Our rights do not originate with government, but they are to be "secured" by government.
Formerly: Libertarian Party of Citrus county

Monday, February 23, 2015

LPF Equality Plank

By Tom Rhodes, Chairman LPF Platform Committee, 2/23/2015

Should America have special laws and programs for different groups based on race, gender or faith or should America have the same laws and rights for all Americans? Simple question and philosophically the answer is clear; America have the same laws and rights for all Americans. The sad fact is even in the leadership of the LP Americans want special rights and privileges for some men.

Our tax code is a prime example of different laws and rights for different men based on some group or other identification. Imagine tax code if it applied equally to everybody? Even maintaining the idiocy of the inequality of a progressive tax system. Imagine that everybody who made $30K paid the same taxes on that $30K. The biggest inequality is not based on how much that person earns, but on how much somebody else earns. If you make $30K and are single you’d end up paying around $5K in taxes, if you were married to somebody making $300K you’d end up paying at least $15K in taxes. Why does who you choose to be in a private relationship or not determine how you are taxed?

Should our tax law consider your sex and the voluntarily chosen profession of your spouse as a means of determining the tax you should pay? Obviously the answer should be no; if we believe in equality under the law. Now let’s get all emotional and really foul up your thinking. Should the widow of a man who died in battle overseas get a tax break? If you think so, why? Why does the widow of man who died at a construction site not deserve the same? Should the same tax break be granted to a widower? Why if it is a financial burden of a spouse dying from one means more deserving of a tax break than another means? Why should the sex of the surviving spouse grant special tax breaks? If taxes are such a heavy burden on military widows that they deserve special tax breaks, why is that same burden on others acceptable? Why shouldn’t the man whose wife dies in a car wreck not get the same tax break a military widow gets?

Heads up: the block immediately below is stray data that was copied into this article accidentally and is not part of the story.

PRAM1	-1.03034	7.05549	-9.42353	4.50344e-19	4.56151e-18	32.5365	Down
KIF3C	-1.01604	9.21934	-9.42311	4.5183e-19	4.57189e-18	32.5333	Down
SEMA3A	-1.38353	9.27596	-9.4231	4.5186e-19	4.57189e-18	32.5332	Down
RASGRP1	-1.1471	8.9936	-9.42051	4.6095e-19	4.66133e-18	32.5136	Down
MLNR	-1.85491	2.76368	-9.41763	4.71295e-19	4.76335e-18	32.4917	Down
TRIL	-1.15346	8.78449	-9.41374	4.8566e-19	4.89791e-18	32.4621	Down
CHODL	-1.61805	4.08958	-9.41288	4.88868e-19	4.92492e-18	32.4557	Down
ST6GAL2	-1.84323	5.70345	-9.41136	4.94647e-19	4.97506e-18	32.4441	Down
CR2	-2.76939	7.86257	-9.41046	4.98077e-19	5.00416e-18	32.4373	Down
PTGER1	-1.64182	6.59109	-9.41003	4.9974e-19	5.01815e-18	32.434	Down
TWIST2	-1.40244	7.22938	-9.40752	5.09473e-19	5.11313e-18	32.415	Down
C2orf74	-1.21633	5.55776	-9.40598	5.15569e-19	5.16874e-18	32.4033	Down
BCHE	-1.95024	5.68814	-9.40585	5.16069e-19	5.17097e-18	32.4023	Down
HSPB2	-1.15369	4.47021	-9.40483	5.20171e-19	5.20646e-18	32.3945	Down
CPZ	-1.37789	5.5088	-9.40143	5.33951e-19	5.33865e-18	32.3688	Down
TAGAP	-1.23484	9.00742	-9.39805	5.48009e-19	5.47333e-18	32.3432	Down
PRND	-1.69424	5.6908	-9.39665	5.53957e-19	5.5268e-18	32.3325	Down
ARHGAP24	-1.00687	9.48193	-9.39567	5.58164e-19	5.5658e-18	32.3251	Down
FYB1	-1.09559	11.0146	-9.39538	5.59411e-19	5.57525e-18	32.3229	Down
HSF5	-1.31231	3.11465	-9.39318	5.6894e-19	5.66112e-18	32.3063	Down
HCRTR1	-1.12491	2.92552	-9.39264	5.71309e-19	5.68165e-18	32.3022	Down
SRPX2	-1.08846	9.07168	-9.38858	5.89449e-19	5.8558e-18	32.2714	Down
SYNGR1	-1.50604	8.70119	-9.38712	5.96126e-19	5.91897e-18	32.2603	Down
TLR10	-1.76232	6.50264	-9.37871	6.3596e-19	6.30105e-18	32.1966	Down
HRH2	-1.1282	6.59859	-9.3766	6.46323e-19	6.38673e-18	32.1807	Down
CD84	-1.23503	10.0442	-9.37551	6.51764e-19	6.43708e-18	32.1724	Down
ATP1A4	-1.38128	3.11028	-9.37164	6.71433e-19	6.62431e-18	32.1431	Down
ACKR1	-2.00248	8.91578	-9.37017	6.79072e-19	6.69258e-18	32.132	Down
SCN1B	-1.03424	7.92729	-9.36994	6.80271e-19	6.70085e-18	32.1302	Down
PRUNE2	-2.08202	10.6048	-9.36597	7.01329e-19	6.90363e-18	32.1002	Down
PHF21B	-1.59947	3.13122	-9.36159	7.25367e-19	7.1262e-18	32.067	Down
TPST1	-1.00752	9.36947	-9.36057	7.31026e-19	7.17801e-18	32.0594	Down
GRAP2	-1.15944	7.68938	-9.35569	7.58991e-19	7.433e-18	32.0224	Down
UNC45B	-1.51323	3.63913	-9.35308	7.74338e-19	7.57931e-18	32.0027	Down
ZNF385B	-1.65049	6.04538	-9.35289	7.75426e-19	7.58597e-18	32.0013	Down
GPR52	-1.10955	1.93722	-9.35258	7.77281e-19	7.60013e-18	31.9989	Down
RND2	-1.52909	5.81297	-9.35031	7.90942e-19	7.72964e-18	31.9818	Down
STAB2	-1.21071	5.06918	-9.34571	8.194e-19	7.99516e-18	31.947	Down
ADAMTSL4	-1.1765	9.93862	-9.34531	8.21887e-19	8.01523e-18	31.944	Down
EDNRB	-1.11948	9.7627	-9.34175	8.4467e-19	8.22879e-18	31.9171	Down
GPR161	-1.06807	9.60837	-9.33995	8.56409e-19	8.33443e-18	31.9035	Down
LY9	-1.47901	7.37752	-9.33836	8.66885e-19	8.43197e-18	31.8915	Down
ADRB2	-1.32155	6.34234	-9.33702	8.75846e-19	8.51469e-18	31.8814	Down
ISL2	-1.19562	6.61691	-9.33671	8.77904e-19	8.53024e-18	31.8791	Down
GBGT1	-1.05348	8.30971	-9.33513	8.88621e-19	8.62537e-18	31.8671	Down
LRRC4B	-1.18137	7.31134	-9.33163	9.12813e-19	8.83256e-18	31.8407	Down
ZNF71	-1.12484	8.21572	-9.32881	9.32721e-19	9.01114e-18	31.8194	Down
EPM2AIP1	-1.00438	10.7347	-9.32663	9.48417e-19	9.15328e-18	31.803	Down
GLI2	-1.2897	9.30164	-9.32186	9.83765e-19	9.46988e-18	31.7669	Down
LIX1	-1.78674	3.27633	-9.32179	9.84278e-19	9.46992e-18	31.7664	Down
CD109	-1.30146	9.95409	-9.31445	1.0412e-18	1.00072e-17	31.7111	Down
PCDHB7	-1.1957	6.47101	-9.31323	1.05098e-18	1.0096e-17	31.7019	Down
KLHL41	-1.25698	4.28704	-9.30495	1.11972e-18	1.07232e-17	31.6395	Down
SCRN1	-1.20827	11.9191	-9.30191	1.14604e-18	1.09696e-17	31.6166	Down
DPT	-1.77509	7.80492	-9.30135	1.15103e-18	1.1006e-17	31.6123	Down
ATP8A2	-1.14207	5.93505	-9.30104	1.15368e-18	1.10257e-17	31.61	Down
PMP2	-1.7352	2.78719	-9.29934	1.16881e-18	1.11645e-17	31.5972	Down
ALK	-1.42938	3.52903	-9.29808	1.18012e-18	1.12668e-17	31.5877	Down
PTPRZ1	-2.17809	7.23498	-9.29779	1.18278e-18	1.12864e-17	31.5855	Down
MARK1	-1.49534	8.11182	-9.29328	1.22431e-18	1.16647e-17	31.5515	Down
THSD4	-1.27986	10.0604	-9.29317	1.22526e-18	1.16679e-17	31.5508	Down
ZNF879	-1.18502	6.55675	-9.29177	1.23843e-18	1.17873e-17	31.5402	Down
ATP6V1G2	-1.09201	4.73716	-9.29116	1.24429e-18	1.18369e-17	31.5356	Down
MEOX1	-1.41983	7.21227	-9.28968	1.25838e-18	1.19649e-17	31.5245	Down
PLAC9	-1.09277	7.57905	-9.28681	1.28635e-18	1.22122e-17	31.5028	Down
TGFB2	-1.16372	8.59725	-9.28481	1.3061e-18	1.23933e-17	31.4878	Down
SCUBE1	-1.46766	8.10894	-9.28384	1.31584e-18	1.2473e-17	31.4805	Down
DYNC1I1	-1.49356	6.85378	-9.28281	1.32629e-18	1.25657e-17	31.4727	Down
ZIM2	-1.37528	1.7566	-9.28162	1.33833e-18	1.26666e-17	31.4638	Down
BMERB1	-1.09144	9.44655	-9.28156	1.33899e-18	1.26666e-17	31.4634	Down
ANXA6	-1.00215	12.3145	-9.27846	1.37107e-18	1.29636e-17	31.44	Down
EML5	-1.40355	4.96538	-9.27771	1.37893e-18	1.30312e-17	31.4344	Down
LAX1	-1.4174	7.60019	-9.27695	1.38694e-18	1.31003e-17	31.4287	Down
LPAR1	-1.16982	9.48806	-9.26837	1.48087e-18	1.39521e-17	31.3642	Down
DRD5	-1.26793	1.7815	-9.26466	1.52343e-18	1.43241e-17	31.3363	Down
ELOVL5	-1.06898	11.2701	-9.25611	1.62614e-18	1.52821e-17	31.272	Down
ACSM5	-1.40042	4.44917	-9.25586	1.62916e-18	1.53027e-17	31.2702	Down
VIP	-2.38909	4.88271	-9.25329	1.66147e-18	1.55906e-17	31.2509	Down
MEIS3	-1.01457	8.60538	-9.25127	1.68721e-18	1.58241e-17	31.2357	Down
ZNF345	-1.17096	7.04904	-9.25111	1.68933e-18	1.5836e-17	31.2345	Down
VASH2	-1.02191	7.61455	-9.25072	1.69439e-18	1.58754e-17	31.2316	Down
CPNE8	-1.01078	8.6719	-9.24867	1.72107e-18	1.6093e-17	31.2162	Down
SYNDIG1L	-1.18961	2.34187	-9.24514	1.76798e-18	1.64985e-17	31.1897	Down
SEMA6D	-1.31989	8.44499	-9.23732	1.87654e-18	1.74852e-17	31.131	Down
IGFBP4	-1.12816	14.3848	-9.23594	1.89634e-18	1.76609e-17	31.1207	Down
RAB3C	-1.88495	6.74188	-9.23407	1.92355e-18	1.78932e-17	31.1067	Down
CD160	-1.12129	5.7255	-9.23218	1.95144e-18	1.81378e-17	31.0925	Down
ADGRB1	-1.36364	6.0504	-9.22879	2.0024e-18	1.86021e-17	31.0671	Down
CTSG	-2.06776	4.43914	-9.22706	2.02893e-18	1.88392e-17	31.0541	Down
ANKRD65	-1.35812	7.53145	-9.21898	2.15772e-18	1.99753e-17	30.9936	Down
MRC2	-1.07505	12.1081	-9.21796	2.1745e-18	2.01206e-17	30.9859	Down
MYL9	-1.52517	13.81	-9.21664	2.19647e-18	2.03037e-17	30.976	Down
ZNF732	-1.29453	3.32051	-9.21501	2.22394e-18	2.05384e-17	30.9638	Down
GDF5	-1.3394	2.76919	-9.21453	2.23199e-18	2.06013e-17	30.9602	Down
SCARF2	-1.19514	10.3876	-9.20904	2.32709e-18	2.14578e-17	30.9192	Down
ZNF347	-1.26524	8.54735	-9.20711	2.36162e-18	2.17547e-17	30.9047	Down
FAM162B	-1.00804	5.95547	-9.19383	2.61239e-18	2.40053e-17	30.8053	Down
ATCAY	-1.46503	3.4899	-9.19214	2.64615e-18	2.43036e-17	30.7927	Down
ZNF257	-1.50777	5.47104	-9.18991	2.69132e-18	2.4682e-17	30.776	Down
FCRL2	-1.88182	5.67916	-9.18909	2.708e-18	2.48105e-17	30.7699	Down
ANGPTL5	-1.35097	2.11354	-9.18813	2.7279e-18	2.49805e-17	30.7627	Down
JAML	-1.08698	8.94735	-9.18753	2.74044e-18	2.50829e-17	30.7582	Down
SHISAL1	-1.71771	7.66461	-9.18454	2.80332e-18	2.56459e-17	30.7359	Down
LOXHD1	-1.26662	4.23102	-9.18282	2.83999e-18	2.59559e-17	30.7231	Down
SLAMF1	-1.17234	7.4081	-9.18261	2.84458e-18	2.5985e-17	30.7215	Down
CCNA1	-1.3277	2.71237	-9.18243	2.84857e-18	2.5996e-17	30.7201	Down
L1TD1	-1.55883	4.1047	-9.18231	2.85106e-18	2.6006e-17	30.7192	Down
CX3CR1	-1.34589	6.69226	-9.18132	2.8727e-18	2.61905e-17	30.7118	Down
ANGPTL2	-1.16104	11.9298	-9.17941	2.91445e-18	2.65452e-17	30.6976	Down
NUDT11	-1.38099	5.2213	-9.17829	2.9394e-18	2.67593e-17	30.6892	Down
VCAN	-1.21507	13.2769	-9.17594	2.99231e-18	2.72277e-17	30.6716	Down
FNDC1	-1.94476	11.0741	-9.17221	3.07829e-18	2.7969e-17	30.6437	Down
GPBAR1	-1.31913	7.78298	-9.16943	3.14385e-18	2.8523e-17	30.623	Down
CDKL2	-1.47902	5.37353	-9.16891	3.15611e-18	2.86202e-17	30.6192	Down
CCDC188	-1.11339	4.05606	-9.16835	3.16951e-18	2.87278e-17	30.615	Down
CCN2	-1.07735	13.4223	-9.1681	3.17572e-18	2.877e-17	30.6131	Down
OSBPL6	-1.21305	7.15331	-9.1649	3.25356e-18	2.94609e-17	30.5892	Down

The answer is simple, equality under the law is a nice idea, but emotionally the reality of treating everybody equally is hard to accept. We want special people to get special privilege because it feels good, we don’t care about fair and equal. When asked “Should our tax law consider your sex and the voluntarily chosen profession of your spouse as a means of determining the tax you should pay?” rationally the answer is clear, your sex and the vocation of your spouse should not determine your taxes; but consider a woman whose husband died defending our country from terrorists, and you throw rational thinking right out the window. Emotionally you are willing to get rid of equality under the law, and grant special privileges to some people based on sex and the chosen profession of their spouse; if the sex is female, and the chosen profession is soldier. For many when it comes down to it, you don’t believe in equality.